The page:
The feature isn’t available for all games, though. Only PS4 games published after April 1, 2018 along with other most-played titles that were published before that date will have the feature. PlayStation also warns that changing the ID might cause some issues with some games that can be fixed by reverting to the old ID. Here’s to hoping PlayStation finds a way to address those issues some time down the line.
The planned full rollout of the feature is in early 2019. What will be your new PSN Online ID?
Razer Phone 2 is a faster, more streamlined gaming smartphone
Truly flagship all around
Razer has been synonymous with gaming. Last year, they embraced the mobile gaming scene with the launch of their own smartphone simply called the Razer Phone. This paved the way for the popularity of gaming smartphones and other manufacturers, like ASUS and Honor, unveiled their own. Of course, Razer must fight back and now we have the Razer Phone 2.
At first glance, you won’t be able to tell the difference between the new Razer Phone and the old one. The Razer Phone 2 has the same size, same boxy shape, and same thick top and bottom bezels that house the front-facing speakers.
Don’t be fooled, because the Razer Phone 2 has some significant upgrades over its predecessor.
The new Razer Phone offers up to 30 percent better performance with the use of a Snapdragon 845 processor, Adreno 630 graphics processing unit, and an improved vapor chamber cooling system. It also comes with 8GB of memory and 64GB of storage.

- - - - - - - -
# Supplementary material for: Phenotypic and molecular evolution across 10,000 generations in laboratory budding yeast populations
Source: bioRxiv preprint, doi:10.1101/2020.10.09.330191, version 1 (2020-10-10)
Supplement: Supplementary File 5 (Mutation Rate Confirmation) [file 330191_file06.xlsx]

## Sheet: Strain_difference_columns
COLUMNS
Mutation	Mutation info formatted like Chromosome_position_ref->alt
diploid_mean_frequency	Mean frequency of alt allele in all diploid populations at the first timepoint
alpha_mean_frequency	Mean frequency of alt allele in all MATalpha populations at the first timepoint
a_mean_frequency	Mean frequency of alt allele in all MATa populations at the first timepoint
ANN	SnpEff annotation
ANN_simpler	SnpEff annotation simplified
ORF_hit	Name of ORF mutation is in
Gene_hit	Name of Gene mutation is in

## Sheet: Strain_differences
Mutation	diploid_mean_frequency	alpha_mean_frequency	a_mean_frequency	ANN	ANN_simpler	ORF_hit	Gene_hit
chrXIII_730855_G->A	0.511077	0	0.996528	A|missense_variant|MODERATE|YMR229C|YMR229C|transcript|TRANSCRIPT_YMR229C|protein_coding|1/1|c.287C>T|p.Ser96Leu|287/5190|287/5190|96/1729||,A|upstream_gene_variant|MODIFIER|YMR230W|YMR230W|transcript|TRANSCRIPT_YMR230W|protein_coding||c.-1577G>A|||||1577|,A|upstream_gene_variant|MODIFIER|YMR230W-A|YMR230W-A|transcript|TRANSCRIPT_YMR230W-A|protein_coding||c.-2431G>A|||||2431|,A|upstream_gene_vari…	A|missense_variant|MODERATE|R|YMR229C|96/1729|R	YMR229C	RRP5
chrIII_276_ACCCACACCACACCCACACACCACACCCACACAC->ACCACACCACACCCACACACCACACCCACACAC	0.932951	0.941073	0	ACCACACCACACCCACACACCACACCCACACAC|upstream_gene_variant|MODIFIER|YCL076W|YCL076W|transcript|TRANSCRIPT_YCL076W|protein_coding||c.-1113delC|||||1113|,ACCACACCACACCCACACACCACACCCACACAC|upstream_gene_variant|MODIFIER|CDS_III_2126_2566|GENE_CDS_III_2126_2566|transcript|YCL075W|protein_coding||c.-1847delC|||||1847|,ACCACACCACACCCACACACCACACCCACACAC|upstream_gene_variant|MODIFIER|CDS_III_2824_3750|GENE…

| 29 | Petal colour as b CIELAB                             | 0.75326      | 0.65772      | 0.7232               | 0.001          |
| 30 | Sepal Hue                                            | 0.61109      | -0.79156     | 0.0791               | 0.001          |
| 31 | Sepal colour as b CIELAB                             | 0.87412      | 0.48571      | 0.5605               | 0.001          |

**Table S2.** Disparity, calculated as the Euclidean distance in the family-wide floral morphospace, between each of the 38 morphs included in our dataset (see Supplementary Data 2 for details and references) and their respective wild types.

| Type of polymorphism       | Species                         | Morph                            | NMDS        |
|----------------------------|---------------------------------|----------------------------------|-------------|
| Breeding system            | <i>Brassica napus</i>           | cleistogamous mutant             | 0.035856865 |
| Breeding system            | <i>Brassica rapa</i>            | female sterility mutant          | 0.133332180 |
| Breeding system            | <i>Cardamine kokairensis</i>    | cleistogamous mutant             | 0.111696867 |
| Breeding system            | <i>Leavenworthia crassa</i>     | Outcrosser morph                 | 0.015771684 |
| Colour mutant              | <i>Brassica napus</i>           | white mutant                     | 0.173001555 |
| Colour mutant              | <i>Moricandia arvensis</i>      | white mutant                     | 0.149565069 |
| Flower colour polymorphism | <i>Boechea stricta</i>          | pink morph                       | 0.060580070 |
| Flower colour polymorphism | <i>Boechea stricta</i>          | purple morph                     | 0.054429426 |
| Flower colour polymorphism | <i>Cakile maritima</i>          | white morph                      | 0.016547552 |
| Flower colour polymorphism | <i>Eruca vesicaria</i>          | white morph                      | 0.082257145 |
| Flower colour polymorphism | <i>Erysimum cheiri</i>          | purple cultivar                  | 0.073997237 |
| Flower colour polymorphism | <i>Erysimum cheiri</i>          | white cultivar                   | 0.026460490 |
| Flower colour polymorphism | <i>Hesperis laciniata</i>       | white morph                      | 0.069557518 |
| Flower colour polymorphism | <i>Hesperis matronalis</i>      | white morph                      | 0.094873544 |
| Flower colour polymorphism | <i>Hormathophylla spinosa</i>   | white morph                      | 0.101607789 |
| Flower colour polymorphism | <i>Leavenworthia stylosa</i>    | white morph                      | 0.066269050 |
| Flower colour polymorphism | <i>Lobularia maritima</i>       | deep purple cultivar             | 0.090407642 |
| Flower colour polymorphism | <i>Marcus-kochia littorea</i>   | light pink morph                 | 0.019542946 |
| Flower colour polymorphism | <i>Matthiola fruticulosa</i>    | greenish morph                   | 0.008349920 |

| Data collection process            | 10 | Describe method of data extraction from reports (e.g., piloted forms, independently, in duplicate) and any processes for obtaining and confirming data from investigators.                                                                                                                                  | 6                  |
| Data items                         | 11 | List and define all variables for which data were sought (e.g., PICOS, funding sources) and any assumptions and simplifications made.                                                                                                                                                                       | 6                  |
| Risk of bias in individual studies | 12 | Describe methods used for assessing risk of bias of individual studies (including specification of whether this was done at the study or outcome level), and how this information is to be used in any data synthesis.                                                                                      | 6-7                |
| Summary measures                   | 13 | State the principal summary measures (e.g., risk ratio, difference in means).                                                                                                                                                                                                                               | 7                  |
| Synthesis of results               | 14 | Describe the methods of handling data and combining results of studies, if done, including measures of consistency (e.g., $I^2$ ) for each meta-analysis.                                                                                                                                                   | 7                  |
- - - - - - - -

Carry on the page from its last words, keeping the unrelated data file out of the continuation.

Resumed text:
As for imaging, it still has dual 12-megapixel rear shooters, but the main sensor is now equipped optical image stabilization. An 8-megapixel front-facing camera takes care of selfies and live-streaming duties.
With a new glass back, the Razer Phone 2 is capable of wireless charging. And to complement this new feature, there’s also a wireless charging accessory with Chroma — Razer’s popular RGB lighting system.
Speaking of Chroma, the Razer Phone 2 also has it. The rear triple-headed snake logo lights up in 16.8 million colors. Let’s also not forget about the added water and dust resistance with an IP67 rating.
The rest of the great specs is carried over from the predecessor including the 5.7-inch IGZO display with 120Hz refresh rate and touch sampling, and the 4000mAh battery with Qualcomm QuickCharge 4+ support.
The Razer Phone 2 is priced at US$ 799 and it’ll be available in Mirror Black and soon in Satin Black. Pre-orders start on October 11 on Razer’s website.